In the Press
Monday, September 26, 2022What Meaningful Action Could the United Nations Take To Help Ukraine? NPR
Sunday, September 25, 2022America's New Secession Movements Aren't a Crime — A Commentary by Stephen L. Carter ’79 The Washington Post
Sunday, September 25, 2022Biden Nixes EPA Action on Climate — A Commentary by E. Donald Elliott ’74 The American Spectator
Wednesday, September 21, 2022A Powerful, Forgotten Dissent The New York Review of Books
Thursday, February 24, 2022
Solomon Center Panel Examines Safe Opioid Consumption
In collaboration with the Global Health Justice Partnership (GHJP) at Yale Law School, the Yale Program in Addiction Medicine, and the Yale Health Law and Policy Society (YHeLPS), the Solomon Center for Health Law and Policy hosted a panel discussion on Feb. 23, “Addressing the Opioid Crisis — Safe Consumption and Federal Preemption.”
The panel was moderated by Leo Beletsky, Professor of Law and Health Sciences at the Northeastern University School of Law and Faculty Director of the Health in Justice Action Lab. Panelists included Sterling Johnson, activist and advocate for housing and harm reduction of the Philadelphia Overdose Prevention Network and a Ph.D. Candidate in Geography and Urban Studies at Temple University; Sam Rivera, Executive Director of New York Harm Reduction Educators and Washington Heights Corner Project (OnPoint NYC); and Kimberly Sue, Assistant Professor of Medicine (General Internal Medicine) at the Yale School of Medicine and Medical Director at the National Harm Reduction Coalition.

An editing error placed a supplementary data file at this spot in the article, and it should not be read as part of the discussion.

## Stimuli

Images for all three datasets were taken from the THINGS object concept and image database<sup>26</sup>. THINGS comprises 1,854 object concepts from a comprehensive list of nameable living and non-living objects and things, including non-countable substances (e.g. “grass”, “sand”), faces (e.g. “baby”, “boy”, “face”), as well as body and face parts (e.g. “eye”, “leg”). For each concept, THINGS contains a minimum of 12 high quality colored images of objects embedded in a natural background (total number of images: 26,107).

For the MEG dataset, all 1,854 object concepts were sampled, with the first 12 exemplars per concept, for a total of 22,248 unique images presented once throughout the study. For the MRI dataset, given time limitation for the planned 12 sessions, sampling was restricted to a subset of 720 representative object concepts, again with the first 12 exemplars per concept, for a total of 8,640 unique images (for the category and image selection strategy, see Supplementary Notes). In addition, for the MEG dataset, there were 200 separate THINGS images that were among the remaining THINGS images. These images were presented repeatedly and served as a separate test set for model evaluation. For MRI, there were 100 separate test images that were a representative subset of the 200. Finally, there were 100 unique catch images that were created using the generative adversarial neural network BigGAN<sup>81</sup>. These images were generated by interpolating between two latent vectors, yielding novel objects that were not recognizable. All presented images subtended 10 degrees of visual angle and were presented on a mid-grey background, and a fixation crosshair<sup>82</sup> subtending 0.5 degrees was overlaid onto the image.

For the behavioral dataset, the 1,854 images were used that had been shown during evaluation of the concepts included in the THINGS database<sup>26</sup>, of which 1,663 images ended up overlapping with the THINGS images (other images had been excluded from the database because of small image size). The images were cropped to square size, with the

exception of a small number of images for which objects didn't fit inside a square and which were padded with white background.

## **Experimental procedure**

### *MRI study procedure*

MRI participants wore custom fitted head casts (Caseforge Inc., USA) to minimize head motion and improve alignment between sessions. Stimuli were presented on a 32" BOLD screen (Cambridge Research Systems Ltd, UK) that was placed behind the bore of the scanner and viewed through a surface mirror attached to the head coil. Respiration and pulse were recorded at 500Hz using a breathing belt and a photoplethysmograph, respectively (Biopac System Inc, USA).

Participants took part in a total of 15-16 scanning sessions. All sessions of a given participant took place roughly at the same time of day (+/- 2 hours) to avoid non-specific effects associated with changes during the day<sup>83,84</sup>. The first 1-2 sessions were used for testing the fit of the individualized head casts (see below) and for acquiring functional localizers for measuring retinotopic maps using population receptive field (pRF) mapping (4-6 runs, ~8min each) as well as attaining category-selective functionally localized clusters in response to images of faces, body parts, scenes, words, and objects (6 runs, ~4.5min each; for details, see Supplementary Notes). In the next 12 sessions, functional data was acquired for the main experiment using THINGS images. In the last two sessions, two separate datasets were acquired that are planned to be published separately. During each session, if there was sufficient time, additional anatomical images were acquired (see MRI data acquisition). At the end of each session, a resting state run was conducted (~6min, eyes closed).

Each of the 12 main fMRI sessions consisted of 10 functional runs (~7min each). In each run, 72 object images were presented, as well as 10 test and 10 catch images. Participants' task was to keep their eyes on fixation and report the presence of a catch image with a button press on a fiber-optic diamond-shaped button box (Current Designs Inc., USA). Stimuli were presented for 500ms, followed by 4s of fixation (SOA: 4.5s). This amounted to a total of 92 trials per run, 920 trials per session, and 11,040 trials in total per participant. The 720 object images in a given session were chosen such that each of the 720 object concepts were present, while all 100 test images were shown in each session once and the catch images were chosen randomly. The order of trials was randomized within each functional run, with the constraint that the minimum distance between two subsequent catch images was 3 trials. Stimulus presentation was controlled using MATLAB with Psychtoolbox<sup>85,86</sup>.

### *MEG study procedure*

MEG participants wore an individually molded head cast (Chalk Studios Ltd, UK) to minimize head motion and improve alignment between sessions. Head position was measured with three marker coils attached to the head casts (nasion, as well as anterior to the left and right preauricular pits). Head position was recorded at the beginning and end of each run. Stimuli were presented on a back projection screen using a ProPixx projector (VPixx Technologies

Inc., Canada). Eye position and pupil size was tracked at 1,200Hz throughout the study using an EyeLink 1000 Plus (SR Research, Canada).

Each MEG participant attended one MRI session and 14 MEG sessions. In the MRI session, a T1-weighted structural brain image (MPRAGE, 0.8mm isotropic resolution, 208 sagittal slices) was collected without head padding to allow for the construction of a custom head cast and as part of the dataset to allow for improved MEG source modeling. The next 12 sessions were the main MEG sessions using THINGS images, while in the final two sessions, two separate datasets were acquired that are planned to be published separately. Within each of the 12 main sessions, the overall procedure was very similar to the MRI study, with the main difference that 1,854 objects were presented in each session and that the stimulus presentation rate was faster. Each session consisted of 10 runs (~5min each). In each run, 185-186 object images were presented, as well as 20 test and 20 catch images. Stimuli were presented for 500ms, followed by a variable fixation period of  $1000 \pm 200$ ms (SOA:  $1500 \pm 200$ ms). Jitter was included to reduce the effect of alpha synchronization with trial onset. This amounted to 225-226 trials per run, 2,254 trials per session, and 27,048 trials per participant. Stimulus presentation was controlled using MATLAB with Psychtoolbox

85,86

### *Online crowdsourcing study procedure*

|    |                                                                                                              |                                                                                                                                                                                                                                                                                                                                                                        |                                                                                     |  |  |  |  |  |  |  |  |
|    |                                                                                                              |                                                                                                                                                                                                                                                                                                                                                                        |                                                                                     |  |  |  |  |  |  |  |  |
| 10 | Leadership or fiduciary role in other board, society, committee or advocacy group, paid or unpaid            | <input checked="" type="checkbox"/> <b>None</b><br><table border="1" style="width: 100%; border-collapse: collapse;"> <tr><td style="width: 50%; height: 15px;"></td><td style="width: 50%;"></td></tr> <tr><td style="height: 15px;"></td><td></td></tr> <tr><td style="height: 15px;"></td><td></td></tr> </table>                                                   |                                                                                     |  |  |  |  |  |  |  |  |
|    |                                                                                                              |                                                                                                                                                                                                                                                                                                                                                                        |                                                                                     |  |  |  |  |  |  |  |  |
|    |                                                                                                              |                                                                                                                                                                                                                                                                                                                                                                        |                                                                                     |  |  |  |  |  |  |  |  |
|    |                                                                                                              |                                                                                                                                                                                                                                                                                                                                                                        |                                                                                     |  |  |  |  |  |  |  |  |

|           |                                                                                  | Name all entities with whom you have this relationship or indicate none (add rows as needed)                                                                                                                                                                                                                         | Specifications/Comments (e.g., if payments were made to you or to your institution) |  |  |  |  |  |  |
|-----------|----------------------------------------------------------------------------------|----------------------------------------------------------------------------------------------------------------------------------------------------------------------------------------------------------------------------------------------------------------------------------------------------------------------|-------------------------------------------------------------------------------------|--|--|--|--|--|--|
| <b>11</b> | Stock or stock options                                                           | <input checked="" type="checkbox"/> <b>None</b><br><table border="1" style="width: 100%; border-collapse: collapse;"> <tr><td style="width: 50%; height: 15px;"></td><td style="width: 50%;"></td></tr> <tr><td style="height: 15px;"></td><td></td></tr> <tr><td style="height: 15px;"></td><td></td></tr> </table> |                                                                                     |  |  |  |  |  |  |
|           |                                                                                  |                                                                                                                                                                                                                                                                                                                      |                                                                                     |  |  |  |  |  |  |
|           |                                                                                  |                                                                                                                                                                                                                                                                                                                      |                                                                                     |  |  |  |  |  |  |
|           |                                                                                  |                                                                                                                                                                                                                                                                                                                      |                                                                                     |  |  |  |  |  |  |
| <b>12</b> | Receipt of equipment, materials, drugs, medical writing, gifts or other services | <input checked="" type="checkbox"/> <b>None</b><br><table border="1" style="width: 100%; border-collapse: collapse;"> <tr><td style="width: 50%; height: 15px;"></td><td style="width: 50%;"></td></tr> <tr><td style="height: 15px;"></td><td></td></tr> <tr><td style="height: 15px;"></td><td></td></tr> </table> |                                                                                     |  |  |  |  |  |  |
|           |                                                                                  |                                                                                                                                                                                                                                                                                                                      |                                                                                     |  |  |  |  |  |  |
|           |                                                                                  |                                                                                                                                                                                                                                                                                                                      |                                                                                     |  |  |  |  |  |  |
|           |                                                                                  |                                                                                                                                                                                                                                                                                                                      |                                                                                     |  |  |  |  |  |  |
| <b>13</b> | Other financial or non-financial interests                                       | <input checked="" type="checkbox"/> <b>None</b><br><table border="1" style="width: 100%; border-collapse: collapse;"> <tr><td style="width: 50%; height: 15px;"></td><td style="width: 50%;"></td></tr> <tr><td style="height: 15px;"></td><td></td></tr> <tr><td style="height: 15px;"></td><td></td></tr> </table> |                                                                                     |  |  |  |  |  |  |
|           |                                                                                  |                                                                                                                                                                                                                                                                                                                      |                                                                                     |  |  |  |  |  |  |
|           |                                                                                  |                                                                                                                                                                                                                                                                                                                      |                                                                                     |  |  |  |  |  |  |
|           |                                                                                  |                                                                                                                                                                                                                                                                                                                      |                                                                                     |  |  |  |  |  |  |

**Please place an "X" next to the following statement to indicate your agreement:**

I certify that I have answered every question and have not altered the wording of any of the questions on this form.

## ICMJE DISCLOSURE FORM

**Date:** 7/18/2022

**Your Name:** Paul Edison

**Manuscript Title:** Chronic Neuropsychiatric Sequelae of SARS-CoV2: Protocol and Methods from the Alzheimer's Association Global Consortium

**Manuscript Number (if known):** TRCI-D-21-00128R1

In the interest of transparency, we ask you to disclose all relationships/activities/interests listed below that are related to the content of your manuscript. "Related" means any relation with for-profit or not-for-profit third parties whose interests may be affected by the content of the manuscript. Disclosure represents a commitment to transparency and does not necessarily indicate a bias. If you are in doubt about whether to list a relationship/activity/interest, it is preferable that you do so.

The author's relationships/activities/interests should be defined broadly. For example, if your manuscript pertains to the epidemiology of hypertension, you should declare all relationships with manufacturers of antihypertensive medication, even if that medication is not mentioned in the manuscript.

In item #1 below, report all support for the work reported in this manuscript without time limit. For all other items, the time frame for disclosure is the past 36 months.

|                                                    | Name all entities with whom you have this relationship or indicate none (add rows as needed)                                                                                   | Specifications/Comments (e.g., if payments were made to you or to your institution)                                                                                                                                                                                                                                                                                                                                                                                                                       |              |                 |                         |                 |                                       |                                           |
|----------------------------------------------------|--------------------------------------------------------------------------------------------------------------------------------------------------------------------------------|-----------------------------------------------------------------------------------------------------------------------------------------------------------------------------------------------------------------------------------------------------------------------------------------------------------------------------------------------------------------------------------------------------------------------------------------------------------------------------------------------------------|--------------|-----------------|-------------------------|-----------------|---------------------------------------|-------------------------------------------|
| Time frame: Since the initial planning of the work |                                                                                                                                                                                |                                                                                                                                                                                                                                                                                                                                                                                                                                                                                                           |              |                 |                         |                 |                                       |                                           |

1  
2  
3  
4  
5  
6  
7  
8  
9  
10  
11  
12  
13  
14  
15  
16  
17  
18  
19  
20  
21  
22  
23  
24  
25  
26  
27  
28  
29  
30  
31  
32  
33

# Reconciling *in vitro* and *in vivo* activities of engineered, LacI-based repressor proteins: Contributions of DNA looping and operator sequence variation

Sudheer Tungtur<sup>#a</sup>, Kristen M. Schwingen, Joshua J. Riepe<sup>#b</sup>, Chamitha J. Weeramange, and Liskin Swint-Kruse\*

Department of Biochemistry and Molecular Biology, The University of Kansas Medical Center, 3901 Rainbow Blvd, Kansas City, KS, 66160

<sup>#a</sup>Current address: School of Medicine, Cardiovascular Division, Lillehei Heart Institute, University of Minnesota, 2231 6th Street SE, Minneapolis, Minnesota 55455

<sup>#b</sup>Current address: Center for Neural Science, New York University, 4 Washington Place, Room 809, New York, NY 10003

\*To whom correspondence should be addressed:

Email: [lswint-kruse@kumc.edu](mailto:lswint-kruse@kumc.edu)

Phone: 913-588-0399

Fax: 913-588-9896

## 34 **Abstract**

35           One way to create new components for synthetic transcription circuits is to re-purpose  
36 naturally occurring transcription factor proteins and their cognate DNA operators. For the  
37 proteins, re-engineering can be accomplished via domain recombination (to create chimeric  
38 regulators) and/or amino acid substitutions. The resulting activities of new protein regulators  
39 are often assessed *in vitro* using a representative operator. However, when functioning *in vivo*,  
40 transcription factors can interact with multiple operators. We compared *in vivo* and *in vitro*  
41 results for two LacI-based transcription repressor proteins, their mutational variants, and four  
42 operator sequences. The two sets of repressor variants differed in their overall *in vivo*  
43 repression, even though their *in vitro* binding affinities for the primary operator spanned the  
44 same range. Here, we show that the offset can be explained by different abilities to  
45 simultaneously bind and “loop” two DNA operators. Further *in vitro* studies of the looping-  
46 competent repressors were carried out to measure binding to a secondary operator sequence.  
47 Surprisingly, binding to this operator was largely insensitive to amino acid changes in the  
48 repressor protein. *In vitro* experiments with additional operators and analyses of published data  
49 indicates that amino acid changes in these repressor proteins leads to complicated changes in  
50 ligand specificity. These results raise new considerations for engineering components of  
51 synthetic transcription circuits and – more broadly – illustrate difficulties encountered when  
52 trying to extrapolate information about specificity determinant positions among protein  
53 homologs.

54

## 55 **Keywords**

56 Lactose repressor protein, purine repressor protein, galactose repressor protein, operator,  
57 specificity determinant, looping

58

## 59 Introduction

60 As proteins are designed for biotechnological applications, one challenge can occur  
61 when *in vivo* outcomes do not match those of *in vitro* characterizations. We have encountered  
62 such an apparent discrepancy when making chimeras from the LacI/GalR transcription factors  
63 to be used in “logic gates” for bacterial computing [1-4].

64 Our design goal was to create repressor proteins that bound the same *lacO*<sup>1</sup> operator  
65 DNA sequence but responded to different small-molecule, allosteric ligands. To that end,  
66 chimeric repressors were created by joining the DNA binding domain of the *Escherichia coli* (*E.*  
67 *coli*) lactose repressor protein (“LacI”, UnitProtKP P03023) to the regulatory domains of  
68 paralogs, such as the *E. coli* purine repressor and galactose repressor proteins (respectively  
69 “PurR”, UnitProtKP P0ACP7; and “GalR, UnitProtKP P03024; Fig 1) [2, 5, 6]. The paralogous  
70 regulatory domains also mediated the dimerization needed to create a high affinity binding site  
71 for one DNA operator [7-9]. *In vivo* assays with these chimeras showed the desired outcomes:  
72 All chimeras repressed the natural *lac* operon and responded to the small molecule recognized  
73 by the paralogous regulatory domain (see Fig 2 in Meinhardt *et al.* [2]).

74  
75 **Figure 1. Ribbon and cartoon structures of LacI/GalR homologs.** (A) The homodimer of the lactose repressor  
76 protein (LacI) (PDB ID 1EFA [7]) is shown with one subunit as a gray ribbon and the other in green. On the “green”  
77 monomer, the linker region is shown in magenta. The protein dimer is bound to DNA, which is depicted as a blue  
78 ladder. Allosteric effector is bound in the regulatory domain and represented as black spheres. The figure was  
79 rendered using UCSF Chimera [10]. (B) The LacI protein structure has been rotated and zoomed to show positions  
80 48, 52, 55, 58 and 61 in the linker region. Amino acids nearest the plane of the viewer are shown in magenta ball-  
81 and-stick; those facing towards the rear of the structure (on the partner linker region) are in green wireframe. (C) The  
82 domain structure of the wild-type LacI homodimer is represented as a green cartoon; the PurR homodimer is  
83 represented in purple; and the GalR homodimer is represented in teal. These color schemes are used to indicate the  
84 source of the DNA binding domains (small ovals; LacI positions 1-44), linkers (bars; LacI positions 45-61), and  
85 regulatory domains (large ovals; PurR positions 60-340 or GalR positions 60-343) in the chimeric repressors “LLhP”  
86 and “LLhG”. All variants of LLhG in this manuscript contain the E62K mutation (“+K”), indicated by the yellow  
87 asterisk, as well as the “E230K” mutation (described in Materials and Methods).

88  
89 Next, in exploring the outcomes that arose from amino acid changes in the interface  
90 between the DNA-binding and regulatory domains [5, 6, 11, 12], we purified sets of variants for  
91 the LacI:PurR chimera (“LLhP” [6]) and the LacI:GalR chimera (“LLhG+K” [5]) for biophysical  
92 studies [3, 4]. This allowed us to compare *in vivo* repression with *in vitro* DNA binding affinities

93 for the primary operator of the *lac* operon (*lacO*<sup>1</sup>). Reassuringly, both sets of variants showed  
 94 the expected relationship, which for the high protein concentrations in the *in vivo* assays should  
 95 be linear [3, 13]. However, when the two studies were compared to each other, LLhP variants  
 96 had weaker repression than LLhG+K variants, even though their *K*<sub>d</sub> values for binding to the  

Sue began the panel by outlining the broad benefits of supervised consumption sites and framing them as a cost-effective philosophy, technique, and a public health intervention. As overdose deaths are climbing, she emphasized looking at this technique not as a panacea, but as part of the armament of tools we need to solve the crisis. She also presented such sites as a way to circumvent the carceral system.
Johnson detailed safe injection litigation in Philadelphia and the issues that arose in that legal battle, including first amendment challenges. Rivera chimed in to shed light on the safe injection sites that have been successfully operating in New York and credited cities like Philadelphia for their contribution to the movement for safe consumption. Rivera explained how 155 cases of overdose were reversed in two New York safe injection sites since their opening, a considerable number. He also pointed out that syringe disposal is now much easier, and park authorities report far less syringe litter since opening these sites.
The panelists also addressed the impact of racism on the criminalization of opioid users and underscored the need to consult with communities where safe consumption sites are being opened. The conversation then explored whether civil commitment was an effective solution for opioid users, or whether it was merely coercive. The discussion closed on whether safe consumption sites were preempted by federal law, describing the role of prosecutorial discretion and law nonenforcement as strategies that would allow safe injection sites to emerge as a robust tool for harm reduction.